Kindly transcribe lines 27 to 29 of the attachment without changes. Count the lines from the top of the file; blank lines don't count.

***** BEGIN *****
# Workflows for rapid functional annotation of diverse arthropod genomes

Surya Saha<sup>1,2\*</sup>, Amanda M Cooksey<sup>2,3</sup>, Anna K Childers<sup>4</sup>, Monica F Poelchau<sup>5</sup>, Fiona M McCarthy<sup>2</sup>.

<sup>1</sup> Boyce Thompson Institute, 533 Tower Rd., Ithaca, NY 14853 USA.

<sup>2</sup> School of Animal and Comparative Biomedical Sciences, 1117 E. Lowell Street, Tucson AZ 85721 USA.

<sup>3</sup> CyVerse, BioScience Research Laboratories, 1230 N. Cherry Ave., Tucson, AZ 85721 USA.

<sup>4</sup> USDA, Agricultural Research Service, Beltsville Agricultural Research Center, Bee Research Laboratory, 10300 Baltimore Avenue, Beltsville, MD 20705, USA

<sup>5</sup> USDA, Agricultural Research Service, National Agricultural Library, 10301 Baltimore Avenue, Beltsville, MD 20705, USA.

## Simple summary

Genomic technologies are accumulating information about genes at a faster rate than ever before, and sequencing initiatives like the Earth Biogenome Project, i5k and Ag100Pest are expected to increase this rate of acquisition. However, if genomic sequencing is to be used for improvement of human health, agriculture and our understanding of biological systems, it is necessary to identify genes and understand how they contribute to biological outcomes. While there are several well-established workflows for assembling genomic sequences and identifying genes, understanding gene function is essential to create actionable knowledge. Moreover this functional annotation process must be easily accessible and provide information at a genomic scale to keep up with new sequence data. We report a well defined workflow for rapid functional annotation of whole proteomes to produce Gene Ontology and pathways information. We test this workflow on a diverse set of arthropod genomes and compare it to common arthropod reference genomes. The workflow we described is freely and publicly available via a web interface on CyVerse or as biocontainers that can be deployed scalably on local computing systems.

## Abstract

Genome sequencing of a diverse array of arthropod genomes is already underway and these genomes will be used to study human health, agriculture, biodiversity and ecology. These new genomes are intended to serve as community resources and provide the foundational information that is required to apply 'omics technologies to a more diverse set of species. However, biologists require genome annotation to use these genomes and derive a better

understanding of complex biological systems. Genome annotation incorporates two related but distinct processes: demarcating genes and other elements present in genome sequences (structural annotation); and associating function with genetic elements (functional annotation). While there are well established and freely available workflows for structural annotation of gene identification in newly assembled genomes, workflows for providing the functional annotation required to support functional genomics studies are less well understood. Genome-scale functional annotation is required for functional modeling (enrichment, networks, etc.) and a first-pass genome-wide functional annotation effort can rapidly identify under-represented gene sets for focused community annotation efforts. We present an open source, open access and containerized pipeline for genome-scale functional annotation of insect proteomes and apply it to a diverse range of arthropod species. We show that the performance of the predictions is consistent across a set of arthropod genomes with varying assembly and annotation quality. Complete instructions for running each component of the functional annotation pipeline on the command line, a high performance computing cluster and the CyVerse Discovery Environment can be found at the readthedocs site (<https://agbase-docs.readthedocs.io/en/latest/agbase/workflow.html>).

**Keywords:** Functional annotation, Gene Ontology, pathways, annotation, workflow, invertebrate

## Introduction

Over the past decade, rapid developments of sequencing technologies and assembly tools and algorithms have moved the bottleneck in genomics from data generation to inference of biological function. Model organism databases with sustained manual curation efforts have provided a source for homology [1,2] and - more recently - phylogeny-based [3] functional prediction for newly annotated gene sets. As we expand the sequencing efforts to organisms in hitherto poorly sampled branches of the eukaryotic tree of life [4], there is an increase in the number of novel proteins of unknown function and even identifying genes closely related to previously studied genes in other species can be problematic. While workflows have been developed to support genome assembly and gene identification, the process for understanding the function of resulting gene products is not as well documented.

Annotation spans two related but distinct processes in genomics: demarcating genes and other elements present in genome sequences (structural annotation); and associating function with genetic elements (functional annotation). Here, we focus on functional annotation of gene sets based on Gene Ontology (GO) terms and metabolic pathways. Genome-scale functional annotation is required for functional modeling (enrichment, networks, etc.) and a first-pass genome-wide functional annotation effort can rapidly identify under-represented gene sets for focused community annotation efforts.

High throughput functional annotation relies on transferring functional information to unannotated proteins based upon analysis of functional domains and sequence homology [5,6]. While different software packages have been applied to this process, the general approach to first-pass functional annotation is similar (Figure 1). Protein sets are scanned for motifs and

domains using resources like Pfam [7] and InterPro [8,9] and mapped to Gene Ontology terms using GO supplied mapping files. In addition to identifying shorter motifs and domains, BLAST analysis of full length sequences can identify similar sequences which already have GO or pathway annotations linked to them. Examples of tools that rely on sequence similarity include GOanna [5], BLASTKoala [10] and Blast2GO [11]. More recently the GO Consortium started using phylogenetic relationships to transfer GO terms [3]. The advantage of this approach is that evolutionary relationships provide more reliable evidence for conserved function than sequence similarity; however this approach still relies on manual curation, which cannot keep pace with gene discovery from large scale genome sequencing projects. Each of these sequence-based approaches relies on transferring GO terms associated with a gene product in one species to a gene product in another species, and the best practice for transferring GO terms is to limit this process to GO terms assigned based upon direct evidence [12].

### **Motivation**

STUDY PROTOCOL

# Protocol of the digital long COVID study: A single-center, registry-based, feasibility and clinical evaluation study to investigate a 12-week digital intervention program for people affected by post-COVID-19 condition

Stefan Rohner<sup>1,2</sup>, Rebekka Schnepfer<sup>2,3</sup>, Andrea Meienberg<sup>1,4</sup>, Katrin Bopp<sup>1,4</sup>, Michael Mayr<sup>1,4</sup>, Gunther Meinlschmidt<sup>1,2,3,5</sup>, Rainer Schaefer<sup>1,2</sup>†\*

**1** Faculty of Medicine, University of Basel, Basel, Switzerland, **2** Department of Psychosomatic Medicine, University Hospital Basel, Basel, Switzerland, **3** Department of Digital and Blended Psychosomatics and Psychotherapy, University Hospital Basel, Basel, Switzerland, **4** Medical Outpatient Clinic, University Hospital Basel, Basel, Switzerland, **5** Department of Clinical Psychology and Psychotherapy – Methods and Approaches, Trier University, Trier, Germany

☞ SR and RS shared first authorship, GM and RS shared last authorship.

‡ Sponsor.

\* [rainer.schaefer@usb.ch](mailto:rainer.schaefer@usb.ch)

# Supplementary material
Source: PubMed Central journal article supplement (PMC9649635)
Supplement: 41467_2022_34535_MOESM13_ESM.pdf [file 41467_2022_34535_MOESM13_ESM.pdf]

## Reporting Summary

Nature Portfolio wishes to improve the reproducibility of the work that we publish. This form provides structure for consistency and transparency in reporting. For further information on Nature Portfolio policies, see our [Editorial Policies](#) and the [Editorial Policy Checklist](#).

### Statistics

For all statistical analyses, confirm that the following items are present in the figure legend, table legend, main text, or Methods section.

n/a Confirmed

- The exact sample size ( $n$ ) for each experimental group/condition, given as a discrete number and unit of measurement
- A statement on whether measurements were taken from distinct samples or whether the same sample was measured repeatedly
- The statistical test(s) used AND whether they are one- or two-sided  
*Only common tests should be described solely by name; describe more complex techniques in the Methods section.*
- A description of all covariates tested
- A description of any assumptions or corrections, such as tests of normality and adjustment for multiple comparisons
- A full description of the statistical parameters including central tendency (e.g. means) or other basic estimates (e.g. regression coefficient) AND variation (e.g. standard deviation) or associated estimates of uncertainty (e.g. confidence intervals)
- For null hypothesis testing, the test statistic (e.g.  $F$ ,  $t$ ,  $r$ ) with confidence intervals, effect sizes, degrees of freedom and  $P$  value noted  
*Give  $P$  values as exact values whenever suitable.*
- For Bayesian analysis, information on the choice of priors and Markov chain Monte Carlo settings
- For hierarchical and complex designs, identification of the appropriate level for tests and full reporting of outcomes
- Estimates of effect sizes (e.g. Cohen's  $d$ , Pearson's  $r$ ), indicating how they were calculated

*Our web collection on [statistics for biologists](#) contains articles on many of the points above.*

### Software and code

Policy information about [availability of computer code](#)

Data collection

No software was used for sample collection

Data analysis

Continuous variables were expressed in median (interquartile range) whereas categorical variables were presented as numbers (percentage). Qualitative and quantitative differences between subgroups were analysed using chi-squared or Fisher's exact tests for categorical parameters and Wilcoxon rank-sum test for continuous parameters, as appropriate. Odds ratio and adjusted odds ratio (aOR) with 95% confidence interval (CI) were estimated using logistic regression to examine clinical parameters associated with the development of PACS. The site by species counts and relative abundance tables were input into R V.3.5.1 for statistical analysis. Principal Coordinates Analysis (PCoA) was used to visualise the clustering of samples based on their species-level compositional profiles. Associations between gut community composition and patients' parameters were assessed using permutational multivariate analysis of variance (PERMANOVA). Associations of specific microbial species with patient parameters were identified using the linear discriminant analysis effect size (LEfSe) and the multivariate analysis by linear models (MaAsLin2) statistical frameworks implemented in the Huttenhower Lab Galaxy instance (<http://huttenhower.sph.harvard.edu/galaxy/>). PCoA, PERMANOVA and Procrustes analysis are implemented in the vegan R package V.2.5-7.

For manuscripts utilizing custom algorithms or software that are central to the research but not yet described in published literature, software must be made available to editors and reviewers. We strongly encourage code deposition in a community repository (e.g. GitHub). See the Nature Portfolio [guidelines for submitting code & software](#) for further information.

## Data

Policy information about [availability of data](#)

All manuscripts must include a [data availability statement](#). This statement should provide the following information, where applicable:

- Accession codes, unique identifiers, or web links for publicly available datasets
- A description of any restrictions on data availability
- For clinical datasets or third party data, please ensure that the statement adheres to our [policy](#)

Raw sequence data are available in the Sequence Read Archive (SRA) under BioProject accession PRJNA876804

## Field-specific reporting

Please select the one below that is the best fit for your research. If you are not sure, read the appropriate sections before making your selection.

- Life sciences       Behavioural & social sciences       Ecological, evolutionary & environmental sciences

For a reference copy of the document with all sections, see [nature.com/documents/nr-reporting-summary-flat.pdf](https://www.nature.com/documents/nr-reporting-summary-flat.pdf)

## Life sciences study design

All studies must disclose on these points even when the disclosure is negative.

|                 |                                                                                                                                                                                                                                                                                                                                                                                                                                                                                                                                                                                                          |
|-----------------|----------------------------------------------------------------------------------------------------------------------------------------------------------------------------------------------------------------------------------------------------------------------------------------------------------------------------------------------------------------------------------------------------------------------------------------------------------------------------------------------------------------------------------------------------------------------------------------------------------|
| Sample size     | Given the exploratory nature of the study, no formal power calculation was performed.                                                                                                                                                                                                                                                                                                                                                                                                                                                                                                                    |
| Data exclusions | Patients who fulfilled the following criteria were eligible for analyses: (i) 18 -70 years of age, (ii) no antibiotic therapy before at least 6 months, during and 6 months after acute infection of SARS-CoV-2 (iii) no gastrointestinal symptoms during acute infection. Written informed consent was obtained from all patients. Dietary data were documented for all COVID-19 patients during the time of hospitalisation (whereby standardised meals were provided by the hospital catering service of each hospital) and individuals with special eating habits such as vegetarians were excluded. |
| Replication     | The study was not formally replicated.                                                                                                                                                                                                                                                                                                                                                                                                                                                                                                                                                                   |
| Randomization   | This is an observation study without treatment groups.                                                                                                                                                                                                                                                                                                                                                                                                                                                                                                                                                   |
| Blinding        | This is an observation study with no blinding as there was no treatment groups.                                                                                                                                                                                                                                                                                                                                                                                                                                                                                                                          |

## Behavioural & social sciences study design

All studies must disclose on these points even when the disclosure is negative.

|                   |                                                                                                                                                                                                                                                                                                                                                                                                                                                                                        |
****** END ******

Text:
# Supplementary material
Source: PubMed Central journal article supplement (PMC9649635)
Supplement: 41467_2022_34535_MOESM13_ESM.pdf [file 41467_2022_34535_MOESM13_ESM.pdf]